My bullets are not made of lead, surrounded by a dense metal. The projectiles do not come from terrorists intent on decimating me. The ammo does not come from a police state or a dictator’s command. A barrel is not involved.

My bullets are made of depression, anxiety, and obsessive-compulsive disorder. Composed of irrational thoughts, insipid ideations, and ignorant rationalizations, they are crushing invisible forces. The capacity to shatter my resolve and render me dysfunctional invades me.

My unsociable enemy is treatable, but never disappears. My therapists validate my experiences of being trapped, resentful, guilty, shameful, ill-equipped, grief-stricken, lost, uncertain, and disabled. My growth in therapy helps me accept the challenge with compassion and empathy in my heart.

Throughout my lifetime three stages will haunt me.

Stage one is the onslaught of rounds. The crisis mode. The shock and pain.

Stage two is being slammed down, breath taken away. Sabotaged. Terms and feelings of the emergency are acknowledged.

Stage three is advocacy for myself. Stand. Breathe. Make decisions. Tools in hand to counteract the depression and anxiety and OCD. Utilize appropriate response and care.

Encouraged by others, I enroll in Toastmasters. Time for me to improve my public speaking and thinking on my feet. Professional and compelling ways of expressing my views is a talent I want to possess. Persuasive interactions are in reach. My computer with Google as my guide, I find the Toastmasters website. The rules and guidelines answer many of my questions. Ready to take on the challenge, I enter my credit card information and become a member. A direct thrust knocks me down.

At first, I don’t understand what attacks me. My heartbeat begins speeding up. My gasps for air speed up. My head spins with dizziness. The mighty effects of terror hammer me to the ground. Despair sinks me deeper into the attack.

Stage one. The thought of standing before people enunciating in a clear voice avoiding “ums” and “ahs” strikes with negative force. In a semi-frozen state of fear and regret, I struggle to make sense of my attacker. Groups of Toastmasters are warm, safe environments to learn public speaking and leadership skills. “Warm and safe,” I remind myself. Still my heart beats faster and my breath diminishes by the second. A ghost of recognition appears before me. Panic is familiar.

Stage two. My history tells me to take an extra Klonopin. Scared to death is not an option. Upon reaching my medicine cabinet with weak, wobble-producing legs, I discover my pill case empty. In my next move, I check the bottle. Empty. My heart beats faster and my limbs go numb. Sweat trickles down my forehead. My last attempt before I collapse in a heap of despair, I call my pharmacist. My trembling voice separated from my body explains my attack and lack of pills. “How fast can you fill the prescription?” my quivering voice speaks out. “Is ten minutes okay?” the pharmacy technician asks.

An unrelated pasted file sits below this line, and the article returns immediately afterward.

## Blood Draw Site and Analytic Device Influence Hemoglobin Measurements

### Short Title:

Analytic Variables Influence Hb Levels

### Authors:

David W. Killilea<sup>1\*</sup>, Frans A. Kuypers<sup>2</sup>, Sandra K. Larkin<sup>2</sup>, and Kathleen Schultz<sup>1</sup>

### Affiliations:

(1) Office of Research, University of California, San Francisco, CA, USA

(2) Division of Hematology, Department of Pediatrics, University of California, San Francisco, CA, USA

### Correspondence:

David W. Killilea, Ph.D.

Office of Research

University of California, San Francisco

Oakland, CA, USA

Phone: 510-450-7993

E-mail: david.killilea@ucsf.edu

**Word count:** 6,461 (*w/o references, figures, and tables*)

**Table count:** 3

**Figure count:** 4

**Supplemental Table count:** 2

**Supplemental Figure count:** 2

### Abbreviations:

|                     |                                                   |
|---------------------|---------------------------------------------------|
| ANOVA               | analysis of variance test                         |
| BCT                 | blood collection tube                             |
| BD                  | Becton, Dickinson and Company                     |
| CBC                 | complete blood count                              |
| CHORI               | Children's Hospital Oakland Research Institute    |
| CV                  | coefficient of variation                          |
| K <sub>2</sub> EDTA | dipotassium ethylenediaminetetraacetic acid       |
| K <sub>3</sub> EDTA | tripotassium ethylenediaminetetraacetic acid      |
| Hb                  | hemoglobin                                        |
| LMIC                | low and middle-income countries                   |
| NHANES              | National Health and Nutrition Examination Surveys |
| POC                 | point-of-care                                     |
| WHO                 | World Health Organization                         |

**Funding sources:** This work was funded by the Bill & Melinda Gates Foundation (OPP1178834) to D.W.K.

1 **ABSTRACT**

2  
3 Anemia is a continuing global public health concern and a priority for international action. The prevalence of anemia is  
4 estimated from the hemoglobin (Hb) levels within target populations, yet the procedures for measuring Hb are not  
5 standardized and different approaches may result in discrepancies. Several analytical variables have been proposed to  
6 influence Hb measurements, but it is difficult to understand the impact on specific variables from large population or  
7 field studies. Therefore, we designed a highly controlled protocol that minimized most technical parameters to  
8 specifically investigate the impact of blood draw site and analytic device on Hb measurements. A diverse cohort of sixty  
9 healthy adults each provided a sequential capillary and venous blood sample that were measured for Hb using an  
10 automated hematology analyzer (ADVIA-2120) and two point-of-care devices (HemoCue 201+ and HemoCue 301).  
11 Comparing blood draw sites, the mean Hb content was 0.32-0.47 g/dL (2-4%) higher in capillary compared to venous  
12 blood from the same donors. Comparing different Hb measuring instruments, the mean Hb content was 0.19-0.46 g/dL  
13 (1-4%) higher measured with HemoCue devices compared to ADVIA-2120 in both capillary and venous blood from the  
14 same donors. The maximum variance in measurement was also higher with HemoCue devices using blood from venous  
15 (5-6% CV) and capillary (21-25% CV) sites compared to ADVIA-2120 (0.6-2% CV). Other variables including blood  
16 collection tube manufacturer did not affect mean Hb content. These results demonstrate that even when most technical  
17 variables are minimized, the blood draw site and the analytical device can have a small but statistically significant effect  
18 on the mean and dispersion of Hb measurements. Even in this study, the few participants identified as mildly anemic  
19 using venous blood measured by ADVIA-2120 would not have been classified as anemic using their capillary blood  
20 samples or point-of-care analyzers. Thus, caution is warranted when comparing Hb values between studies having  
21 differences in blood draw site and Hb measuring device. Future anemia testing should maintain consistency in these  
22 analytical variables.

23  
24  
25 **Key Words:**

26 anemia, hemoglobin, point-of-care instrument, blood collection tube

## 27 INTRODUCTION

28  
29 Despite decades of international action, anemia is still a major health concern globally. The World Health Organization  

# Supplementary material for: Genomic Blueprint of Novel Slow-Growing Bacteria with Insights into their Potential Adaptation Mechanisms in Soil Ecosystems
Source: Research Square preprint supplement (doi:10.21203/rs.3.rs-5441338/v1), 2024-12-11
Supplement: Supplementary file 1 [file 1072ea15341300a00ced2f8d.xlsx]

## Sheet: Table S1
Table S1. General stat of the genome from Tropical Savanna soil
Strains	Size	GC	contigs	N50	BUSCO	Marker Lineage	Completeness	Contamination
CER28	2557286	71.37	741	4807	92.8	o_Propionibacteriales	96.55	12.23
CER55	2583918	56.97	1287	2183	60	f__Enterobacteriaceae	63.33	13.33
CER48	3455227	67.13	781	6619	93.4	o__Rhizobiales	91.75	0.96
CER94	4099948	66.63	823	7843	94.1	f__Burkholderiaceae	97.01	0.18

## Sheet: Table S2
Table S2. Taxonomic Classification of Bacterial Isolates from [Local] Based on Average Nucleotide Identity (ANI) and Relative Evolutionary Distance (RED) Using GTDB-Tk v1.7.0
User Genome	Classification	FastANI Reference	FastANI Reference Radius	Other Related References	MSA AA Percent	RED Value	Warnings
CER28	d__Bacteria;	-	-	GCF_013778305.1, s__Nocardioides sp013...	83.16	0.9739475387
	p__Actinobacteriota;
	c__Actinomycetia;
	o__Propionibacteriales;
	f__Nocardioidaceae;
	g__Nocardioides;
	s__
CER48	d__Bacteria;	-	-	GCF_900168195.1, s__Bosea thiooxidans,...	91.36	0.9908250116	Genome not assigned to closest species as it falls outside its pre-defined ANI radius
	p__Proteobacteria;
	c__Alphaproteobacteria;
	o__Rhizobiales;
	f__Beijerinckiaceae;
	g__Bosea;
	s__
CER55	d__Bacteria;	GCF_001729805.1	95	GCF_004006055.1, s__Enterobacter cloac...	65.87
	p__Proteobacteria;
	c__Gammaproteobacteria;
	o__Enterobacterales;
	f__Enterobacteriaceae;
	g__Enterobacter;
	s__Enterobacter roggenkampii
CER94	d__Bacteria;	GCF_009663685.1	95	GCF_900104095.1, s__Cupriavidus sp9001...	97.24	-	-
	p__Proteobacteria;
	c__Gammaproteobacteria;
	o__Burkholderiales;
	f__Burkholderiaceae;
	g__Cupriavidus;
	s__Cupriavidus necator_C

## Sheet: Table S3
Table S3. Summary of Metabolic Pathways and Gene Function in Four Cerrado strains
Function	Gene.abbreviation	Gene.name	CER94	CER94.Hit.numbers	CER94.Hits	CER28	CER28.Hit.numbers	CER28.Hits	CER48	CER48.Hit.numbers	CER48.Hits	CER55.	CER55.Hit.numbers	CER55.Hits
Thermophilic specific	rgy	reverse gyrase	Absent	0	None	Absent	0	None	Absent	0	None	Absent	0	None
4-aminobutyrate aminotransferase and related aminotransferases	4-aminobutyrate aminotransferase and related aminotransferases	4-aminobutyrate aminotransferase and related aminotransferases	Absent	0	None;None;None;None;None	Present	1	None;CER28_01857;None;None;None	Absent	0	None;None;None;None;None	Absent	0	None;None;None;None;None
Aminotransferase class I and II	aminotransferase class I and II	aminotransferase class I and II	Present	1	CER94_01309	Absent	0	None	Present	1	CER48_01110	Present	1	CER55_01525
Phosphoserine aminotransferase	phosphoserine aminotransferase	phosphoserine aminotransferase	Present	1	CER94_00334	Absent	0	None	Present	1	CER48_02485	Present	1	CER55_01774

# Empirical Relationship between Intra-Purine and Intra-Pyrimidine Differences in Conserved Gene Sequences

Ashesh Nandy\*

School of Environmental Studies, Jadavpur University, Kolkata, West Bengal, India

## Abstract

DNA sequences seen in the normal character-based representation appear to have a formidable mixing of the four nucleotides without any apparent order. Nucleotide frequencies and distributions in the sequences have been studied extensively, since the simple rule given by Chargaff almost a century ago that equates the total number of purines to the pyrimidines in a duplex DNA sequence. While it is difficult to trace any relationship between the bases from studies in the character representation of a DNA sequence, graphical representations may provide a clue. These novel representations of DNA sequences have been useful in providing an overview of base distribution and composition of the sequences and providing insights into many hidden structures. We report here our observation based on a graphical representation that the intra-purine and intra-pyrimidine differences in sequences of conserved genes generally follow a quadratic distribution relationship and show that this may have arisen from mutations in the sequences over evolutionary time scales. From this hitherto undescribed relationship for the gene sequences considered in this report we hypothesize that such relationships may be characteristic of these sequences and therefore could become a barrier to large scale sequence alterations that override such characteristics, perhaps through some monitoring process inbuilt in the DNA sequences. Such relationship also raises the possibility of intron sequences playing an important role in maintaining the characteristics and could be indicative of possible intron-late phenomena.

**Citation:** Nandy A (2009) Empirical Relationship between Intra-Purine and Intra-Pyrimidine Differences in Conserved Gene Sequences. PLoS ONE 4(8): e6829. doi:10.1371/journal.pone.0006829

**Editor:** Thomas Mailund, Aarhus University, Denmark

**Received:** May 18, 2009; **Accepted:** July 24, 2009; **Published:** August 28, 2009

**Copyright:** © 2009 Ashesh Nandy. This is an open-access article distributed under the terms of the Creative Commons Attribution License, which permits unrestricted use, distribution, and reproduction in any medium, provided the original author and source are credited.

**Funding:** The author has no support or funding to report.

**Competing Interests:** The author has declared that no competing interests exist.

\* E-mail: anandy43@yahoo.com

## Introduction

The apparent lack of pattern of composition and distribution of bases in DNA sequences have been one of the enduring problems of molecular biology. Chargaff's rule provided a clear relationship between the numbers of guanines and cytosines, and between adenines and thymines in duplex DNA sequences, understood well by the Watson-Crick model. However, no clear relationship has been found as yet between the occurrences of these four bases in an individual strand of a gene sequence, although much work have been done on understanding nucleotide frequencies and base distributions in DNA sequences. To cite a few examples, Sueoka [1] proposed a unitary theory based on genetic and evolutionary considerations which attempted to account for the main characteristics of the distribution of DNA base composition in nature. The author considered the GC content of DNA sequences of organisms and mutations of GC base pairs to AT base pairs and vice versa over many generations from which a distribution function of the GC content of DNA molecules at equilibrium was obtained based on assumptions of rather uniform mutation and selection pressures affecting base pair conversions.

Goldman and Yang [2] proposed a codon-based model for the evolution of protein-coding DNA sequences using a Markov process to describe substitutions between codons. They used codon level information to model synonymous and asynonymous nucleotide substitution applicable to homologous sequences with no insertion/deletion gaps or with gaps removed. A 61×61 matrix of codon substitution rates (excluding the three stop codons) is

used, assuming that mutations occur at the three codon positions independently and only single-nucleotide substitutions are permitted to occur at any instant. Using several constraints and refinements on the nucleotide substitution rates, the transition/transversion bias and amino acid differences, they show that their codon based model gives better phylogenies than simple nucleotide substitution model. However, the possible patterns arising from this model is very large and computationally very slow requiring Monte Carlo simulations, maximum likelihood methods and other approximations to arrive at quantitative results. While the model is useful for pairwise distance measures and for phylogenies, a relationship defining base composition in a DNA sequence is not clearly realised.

Stage three. My inner voice tells me to be brave. Think of a serene place. My happy place. Take deep soothing breaths. My toolbox is ransacked for more options until I come to grips with the present. The dispensary is too far to hike, so I must drive to pick up my pills. Cranked engine. Foot on pedal. Brake released. My self-talk takes me on a wild ride to the drug store. My trembling legs walk me to the back of the aisles. The friendly face of the tech reassures me. The credit card transaction is signed with a jellylike hand, completing the purchase.

Back in my car, I down the remedy with tepid water from an old bottle sitting in my trash. My panting is steadier, my heart pounding a little less. Within thirty minutes, I am relaxed, able to pursue my day. Ready to reassess my decision to become a Toastmaster. The choice is sound and important.

My bulletproof vest is worn as a badge of honor and survival. Without my garb, I would be a prisoner in my house, hiding in bed. Sick to my stomach. Useless.

The stigma of mental illness must be broken. My vest is worn with pride. I am a survivor. I am the voice of one in every five Americans experiencing the assailant. I am not alone.

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Thank you for supporting this member along the WATCH RWISA WRITE Showcase Tour today!  We ask that if you have enjoyed this member’s writing, to please visit their Author Page on the RWISA site, where you can find more of their writing, along with their contact and social media links, if they’ve turned you into a fan.  WE ask that you also check out their books in the RWISA or RRBC catalogs.  Thanks, again for your support and we hope that you will follow each member along this amazing tour of talent!  Don’t forget to click the link below to learn more about this author:

 

Laurie Finkelstein RWISA Author Page